“This is another strong issue. I love how this expands out the mythology and detail, pushing things in a new direction. Not to mention there’s the usual great art designs and action scenes. I am intrigued as to where the Armorclads will go next and what lies in the future for the new and improved Ironclads.”
Publisher: Valiant Writers: JJ O’Connor & Brian Buccellato Penciller: Miguel Sepulveda (with Manuel Garcia) Inker: Raül Fernández Colourist: Rex Lokus Letterer: Dave Sharpe Cover Artist: Bagus Hutomo
When last we left the Amorclads Peris had been taken away to the city and Lela found herself as the leader of a rebellion. We return to exactly where the last issue left off. Peris is about to find out that he might be the key to an ancient myth an Lela is taking the captured Alphans and her army of fellow grubs to march on the city and rescue Peris.
So there’s two storylines going on and both really work. There’s quite a lot of plot development in each of them. In Lela’s storyline we have Ironclads who, now they have the upper hand, need to ask how do they deal with the captured Alphans? They also A-Team up their suits with Armorclads parts and take on the dangers of the planet. Meanwhile Peris’s storyline expands things out further. Turns out there were once mythical suits with the potential to alter the balance of power within the galaxy. Peris spends much of time with new Governor, Dohman, but can he trust him?
This issue does a lot to expand out the world of the Armorclads. The myth of seven families, families with seven suits who destroyed each other leaving the suits only as stories told to children is really intriguing. The suits would be in a different league. I like how it seems like both the Xeruans and Alphans have these tales in their history showing again that there is some shared history there between them. The idea that there might be genetic markers from the old seven families present in people like Peris (spoilers) is also interesting, especially give how he could have been executed on the spot, his life was worth so little. The suits we’ve already seen are no longer just weapons, or tools, but part of something bigger culturally.
Not to say that the suits aren’t cool. The beefed up Ironclad suits with Armorclad add ons are great designs. The suits feel very real in the art and as always there are some great actions scenes (welcome back giant bugs!). I especially love anything with a cannon going off and blasting the innards from a giant bugs. It feels very sci-fi horror action movie style and I very much appreciate the effort in the art on all levels. The battles really play out so well.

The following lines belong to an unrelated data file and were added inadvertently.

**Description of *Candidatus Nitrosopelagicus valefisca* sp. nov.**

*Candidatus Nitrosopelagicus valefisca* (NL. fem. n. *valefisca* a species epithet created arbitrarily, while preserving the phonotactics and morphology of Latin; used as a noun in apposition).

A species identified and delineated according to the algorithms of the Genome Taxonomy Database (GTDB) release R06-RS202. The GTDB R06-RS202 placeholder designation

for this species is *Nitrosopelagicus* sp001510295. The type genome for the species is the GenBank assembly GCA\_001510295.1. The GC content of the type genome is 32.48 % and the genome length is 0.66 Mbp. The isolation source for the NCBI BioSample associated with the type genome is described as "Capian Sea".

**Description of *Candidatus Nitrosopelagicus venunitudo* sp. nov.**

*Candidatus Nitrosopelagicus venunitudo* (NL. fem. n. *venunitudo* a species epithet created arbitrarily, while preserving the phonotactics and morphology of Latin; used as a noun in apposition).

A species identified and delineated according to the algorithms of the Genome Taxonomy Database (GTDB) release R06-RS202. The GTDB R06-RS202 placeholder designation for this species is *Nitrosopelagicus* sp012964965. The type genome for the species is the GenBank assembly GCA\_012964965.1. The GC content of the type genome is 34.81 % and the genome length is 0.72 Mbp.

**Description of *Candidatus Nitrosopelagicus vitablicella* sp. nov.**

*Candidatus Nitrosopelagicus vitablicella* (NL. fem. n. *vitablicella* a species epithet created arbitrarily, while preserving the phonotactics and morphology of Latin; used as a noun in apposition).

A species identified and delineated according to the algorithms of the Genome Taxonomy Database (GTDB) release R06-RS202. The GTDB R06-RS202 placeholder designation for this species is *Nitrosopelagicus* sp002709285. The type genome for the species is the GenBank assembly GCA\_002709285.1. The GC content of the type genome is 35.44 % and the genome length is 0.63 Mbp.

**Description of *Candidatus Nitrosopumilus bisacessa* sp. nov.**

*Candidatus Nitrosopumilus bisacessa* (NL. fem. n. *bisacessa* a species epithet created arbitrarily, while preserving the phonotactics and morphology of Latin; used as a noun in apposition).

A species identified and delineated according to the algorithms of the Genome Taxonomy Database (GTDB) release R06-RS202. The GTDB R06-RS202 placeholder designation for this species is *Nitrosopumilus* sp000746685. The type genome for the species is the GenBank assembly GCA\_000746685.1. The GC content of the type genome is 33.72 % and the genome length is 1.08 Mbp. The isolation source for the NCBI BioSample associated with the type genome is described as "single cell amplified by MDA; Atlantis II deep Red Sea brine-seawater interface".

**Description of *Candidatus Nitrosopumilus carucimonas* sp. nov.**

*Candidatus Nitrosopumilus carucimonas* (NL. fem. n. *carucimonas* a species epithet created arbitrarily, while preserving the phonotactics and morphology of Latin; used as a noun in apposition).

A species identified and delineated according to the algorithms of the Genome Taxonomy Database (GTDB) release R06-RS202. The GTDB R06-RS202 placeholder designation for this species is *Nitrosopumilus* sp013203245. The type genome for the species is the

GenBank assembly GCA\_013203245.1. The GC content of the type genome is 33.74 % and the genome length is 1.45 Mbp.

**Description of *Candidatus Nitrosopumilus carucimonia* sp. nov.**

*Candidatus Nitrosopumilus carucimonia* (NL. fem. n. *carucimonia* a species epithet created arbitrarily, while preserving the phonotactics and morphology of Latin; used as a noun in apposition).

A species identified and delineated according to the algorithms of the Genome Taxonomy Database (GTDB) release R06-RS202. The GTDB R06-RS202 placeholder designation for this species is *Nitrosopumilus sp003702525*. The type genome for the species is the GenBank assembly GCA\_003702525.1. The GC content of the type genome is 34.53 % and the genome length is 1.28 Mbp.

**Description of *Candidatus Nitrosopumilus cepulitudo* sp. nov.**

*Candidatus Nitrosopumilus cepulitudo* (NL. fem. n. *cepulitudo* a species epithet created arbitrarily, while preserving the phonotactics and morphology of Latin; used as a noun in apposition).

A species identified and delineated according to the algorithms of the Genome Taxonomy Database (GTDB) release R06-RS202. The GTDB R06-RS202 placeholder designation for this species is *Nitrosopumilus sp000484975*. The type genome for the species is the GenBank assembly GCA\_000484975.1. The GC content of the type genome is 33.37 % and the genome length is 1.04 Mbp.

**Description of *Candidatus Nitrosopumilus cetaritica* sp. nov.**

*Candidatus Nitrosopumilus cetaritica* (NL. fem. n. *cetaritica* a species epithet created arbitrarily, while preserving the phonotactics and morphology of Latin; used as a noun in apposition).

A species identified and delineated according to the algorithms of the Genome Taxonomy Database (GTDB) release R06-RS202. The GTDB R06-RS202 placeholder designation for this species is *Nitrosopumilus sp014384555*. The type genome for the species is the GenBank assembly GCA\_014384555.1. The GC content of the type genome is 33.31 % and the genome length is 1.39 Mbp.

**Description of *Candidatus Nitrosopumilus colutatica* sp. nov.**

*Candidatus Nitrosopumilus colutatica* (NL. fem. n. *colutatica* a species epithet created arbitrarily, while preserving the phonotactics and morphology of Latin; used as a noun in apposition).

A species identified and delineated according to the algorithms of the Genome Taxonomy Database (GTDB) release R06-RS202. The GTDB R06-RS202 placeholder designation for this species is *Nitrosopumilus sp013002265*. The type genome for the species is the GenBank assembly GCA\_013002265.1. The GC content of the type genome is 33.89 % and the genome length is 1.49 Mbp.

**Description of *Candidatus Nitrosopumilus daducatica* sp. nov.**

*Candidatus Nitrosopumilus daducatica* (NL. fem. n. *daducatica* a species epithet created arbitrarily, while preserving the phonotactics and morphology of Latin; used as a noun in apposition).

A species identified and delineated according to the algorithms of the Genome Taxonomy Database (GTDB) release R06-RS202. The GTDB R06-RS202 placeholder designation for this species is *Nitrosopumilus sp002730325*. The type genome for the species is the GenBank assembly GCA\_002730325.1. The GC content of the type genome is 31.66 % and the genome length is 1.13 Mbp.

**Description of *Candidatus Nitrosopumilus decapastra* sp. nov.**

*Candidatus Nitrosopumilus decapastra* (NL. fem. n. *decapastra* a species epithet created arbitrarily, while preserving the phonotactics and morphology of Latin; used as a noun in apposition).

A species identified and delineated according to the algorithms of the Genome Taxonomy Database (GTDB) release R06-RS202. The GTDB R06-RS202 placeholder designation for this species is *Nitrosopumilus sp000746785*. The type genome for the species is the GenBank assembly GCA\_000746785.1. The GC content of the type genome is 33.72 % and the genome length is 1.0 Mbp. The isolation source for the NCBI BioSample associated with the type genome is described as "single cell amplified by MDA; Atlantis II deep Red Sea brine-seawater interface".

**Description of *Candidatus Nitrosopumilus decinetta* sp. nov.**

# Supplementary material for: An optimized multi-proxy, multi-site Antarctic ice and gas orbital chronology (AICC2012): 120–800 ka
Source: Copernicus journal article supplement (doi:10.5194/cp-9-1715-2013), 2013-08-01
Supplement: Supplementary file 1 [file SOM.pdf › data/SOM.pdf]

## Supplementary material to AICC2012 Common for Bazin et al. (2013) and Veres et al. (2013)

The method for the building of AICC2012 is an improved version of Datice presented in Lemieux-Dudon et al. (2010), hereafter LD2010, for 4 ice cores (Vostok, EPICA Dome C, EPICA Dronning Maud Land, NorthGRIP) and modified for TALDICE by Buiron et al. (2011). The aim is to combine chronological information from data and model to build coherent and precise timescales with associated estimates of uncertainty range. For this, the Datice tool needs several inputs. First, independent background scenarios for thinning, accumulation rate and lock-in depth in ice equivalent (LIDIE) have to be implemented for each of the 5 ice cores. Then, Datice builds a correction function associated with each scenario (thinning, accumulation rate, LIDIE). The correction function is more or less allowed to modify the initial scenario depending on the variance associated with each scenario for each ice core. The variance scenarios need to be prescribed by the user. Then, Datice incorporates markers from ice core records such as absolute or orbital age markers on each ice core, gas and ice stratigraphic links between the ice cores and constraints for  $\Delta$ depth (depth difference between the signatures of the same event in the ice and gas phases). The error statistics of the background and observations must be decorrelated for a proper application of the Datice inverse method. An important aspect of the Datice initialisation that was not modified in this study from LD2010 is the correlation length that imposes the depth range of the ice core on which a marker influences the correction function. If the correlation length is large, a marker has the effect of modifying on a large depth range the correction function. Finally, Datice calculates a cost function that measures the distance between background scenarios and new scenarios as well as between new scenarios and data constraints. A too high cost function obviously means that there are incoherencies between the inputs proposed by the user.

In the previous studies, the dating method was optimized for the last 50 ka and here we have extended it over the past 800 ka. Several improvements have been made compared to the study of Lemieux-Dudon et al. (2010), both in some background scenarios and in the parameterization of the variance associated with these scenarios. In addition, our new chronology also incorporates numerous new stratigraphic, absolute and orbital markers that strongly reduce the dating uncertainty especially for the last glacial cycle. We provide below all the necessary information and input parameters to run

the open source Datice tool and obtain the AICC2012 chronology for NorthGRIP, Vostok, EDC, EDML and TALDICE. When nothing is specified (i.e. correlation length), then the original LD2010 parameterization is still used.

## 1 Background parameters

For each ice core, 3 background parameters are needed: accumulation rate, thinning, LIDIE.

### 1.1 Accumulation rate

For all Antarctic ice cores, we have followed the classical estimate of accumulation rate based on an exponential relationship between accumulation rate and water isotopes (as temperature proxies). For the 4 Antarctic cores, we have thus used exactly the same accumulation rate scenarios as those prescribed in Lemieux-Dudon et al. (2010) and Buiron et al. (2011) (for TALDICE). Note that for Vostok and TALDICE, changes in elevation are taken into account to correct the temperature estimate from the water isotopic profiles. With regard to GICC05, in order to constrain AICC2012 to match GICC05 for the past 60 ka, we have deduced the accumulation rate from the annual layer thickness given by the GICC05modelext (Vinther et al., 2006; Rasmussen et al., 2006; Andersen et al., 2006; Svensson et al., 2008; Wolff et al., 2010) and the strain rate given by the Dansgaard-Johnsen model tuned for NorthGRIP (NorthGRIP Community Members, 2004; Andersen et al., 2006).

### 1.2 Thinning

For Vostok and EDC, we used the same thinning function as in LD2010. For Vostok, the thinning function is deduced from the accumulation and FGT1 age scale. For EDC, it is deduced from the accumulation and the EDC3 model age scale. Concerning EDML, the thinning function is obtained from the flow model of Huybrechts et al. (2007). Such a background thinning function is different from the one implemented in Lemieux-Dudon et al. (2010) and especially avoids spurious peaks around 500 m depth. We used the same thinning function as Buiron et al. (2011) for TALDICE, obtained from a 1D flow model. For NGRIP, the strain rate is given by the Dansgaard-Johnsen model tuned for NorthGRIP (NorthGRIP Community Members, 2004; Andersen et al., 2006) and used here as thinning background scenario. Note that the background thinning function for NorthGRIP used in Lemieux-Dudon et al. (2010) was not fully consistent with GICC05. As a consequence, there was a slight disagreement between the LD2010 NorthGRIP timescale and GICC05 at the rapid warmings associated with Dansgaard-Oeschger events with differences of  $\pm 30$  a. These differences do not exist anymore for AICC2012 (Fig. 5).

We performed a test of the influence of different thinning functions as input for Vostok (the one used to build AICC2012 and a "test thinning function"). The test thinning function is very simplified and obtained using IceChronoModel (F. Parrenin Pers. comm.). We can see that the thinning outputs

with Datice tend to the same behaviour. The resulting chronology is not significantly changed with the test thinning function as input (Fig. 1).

I also really like the quieter moments too. The long line of Alphans being escorted by the Ironclads as they wind over and through the terrain is a nice bit of detail. I really appreciated the effort to make them look individual which is not always easy to do when there are plenty of characters some of whom are far away perspective-wise. It is really effective. Plus there’s the way these once invincible soliders must lean on each other without their suits, showing there is come compassion, if only for each other. It makes you see the Alphans as people as much as we did for the Ironclads, even though we don’t get named Alphans (we know ranks for some but not names) we do at least get a sense of them as people. Our sympathies and allegiance lie with the Ironclads but I like how the Aplahans are not the out and out villians we;ve seen previously. There is at least some layers to them.
The theme of this issue does seem to about the two different groups dynamic. The defeated Alphans who aren’t going to take their defeat well for obvious reasons versus the kids they enslaved. There’s some interesting dynamics at play once the kids have the upper had. Jac gets some good character moments with action especially (and gained a little cheer from me in the process). Then there’s Peris who is talking to Governor Dohman, how much can he trust him? As a reader I was sceptical I can only imagine Peris’s thought processes, after all there’s his general issues with authority and his fervour against those who enslaved him playing a key role in his action and thoughts up to this point.
Peris is of course away from his friends having been taken to and imprisoned in the city, the design of which is excellent. It’s very blocky and blue and reminds me of classic future sci-fi design of cities. It’s a stark contrast to the mines and the jungles. It seems a very clinical place, bright and shiny but lacing heart. Th rooms are plain, bright but there isn’t a lot else to them. The clean lines and bright colours give the impression of futuristic tech but also coldness, which reflects well how Peris feels about the Alphans generally.
I also must say that Lela continues to impress in her leadership role as she rallies together the Ironclads. Gradually they are being fleshed out and we are slowly getting to know them better. There’s not a lot of development per se but there is character work going on. Lela certainly feels quite a real character and seems to be stepping into her own. I look forward to seeing how she develops as the leader of a larger rebellion. She does get a great classic leadership speech moment and it works well (the cheer is well earned).
Overall this is another strong issue. I love how this expands out the mythology and detail, pushing things in a new direction. Not to mention there’s the usual great art designs and action scenes. I am intrigued as to where the Armorclads will go next and what lies in the future for the new and improved Ironclads.
Leave a Reply